Quechua is the most spoken Indigenous language of the Americas, with 7-8 million speakers mostly in Peru, Bolivia, and Ecuador, and also some areas of Colombia, Argentina and Chile. The Quechua language program offers classes through the Penn Language Center and is the only Ivy League university to do so in such a capacity. Currently, Quechua is the only Indigenous South American language offered at the University of Pennsylvania.
Our classes might count towards the major/minor in Latin American and Latino Studies, and the minor in Native American Studies.
Having Indigenous languages at universities is a way to say: we are here, we have a value. This message goes to everyone, including the indigenous languages speakers whom for a long time were told that their languages shouldn’t exist. Language is linked to culture and knowledge. By building up language prestige – in this case with Quechua – we are also making a statement: This language has a value; therefore, their people do, too.
Therefore, Quechua courses at Penn work on developing language skills and cultural awareness on Indigenous Cultures.
How is the teaching approach for Quechua in recent years?
Nobody questions the cultural value of English, Spanish or French. It is clear for us that there’s a (contemporary) cultural value of these languages. With Quechua, and other indigenous cultures, people might hesitate.
Some universities in the Andean Region and the United States are trying to change the narrative: They are giving Quechua and other languages a more suitable space.
At UPenn, we organize diverse Quechua cultural activities: talks on Andean topics, dancing workshops, film screenings, game nights, etc. Check the events calendar here. At this platform, we are raising questions regarding the importance of incorporating indigenous languages into the Latin American studies curricula, while at the same time trying to respect and honor Andean culture.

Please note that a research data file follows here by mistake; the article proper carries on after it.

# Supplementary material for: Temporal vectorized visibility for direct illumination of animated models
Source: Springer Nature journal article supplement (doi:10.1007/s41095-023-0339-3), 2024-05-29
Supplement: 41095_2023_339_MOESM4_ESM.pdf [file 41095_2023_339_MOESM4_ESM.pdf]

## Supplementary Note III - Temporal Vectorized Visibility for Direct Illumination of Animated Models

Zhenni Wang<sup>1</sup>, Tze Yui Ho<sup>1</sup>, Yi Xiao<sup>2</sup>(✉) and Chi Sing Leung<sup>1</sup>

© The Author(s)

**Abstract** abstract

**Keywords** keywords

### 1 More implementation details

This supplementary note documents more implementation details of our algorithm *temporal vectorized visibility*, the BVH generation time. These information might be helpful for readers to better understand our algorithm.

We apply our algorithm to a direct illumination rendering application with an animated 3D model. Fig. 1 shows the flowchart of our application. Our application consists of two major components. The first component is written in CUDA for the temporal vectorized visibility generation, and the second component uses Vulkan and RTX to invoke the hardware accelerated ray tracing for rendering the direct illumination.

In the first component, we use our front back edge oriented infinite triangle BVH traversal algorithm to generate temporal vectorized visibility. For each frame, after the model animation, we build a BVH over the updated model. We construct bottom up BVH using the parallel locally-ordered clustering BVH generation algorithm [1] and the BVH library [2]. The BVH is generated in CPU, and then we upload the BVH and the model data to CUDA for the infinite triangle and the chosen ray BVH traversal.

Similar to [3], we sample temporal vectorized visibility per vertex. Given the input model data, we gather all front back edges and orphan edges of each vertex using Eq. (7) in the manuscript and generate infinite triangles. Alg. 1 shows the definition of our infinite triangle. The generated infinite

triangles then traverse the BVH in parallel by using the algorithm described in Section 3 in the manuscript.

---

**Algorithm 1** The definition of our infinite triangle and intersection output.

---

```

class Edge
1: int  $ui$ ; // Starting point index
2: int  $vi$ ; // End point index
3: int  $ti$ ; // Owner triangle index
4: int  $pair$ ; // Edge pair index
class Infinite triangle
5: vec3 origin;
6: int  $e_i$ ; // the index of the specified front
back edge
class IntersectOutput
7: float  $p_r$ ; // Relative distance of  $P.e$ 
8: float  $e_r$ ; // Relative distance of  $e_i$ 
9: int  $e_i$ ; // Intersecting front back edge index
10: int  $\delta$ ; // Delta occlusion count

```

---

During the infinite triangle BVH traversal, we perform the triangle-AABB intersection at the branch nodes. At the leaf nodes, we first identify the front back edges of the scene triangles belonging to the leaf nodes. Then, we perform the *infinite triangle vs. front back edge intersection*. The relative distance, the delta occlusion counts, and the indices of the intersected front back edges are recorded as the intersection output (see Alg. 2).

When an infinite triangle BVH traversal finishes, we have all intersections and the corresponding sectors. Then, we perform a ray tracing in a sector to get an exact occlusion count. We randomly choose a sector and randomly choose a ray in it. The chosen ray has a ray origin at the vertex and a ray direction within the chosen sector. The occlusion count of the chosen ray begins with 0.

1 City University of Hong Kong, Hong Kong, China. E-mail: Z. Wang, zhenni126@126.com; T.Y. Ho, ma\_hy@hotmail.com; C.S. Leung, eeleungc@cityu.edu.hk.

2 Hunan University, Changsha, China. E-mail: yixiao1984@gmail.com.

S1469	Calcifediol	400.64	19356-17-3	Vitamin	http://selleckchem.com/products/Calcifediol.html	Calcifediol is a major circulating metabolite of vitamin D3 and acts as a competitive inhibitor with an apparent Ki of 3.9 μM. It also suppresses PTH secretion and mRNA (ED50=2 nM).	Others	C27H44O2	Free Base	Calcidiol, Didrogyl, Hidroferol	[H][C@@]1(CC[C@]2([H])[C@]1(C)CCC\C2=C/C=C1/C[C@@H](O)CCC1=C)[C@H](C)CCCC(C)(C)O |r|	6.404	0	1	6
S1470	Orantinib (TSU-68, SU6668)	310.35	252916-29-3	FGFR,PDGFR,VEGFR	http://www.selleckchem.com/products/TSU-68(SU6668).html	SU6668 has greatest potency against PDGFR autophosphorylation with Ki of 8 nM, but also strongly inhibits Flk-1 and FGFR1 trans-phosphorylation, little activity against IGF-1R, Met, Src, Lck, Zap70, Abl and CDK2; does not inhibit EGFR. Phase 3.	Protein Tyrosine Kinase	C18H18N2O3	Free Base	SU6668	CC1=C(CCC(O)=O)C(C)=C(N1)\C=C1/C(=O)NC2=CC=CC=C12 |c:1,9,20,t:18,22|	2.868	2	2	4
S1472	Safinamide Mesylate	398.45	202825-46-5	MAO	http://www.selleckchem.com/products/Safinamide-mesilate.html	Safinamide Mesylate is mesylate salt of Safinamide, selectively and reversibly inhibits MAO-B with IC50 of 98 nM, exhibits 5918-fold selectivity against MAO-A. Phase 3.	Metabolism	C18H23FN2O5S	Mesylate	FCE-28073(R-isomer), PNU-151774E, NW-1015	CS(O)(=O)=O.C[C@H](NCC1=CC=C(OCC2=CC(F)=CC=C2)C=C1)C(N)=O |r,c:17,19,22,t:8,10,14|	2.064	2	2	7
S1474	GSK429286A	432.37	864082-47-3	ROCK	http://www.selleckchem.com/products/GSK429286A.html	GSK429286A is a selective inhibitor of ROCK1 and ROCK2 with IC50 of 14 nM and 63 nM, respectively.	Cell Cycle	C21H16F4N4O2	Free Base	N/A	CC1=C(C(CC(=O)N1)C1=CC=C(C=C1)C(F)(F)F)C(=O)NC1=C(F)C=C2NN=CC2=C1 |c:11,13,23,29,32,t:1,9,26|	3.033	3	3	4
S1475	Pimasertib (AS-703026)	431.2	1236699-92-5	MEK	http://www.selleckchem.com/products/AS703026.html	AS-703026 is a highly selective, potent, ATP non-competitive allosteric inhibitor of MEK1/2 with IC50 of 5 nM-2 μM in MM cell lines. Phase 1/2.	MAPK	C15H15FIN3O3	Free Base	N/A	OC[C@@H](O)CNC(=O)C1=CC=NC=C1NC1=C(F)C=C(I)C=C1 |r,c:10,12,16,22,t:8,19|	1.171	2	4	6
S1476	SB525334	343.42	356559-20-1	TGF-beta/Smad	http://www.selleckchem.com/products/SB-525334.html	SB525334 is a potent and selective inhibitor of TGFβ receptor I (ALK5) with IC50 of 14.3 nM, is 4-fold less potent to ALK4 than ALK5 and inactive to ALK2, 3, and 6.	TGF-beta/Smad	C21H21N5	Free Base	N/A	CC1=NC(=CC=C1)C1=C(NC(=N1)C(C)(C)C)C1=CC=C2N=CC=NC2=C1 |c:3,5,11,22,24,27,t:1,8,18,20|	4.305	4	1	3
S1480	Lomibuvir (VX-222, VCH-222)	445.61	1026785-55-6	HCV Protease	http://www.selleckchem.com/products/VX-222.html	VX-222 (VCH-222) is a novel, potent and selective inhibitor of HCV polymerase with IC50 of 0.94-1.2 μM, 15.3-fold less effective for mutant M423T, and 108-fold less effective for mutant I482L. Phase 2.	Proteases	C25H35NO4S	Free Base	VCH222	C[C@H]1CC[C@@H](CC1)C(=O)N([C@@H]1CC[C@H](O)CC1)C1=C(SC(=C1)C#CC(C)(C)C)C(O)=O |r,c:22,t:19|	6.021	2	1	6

[Excerpt from Remezcla’s article: “This Quechua Professor Wants to Dispel the Myth That Indigenous Languages Are a Thing of the Past“]
Developing an interdisciplinary network of scholars working in the growing field of Andean Studies
We aim to help foster a mentoring relationship between established and emerging scholars interesting in the Andes and/or Native American languages.
– In April, 2015 and 2017 we organized the interdisciplinary colloquium ‘Thinking Andean Studies‘.
– In November 2015 and 2016 we organized the Quechua Alliance Faculty and Student Meeting, the first gathering of its type in the United States. One of the goals of the event was to promote an open conversation about Native-American languages and their space in academia. We also had time for dialogue, lectures, games and songs. And we also offer tribute to Prof. Clodoaldo Soto (U. Illinois), for his 25-year career teaching Quechua in the US.
Learn Quechua at UPenn: SPRING 2017
- Gleeson Ryan (C’17 W’17):
- Abigail Graham (C’16):
Quechua is offered on this cycle:
- Fall: Beginner Quechua I
- Spring: Beginner Quechua II
FALL 2017: ROML 110 Elementary Quechua & Andean Culture I
Tuesdays & Thursdays: 5:30pm – 7:30pm
Prof. Américo Mendoza-Mori
Quechua, the language of the Inca Empire and still spoken by approximately 8 million people throughout the Andes, is the most spoken indigenous language in the Americas. The program focuses on the development of written and oral communicative abilities in Quechua through an interactive activity-based approach. Course includes an introduction to Quechua and Andean culture. Students will participate in pair, small-group and whole-class activities. Assessment is based on both students’ ability to use the language in written and oral tasks and understanding the language and culture. This beginning level Quechua course is designed for students who have little or no previous knowledge of the language. Lectures will be delivered in English and Quechua.
- Students from the University of Pennsylvania, Swarthmore, Bryn Mawr and Haverford can enroll in this class.
How to enroll in the class:
Please contact Lada Vassilieva (firstname.lastname@example.org), Administrative Director of the Penn Language Center. If you have questions about the class, please feel free to contact Prof. Mendoza-Mori (americo @ sas.upenn.edu)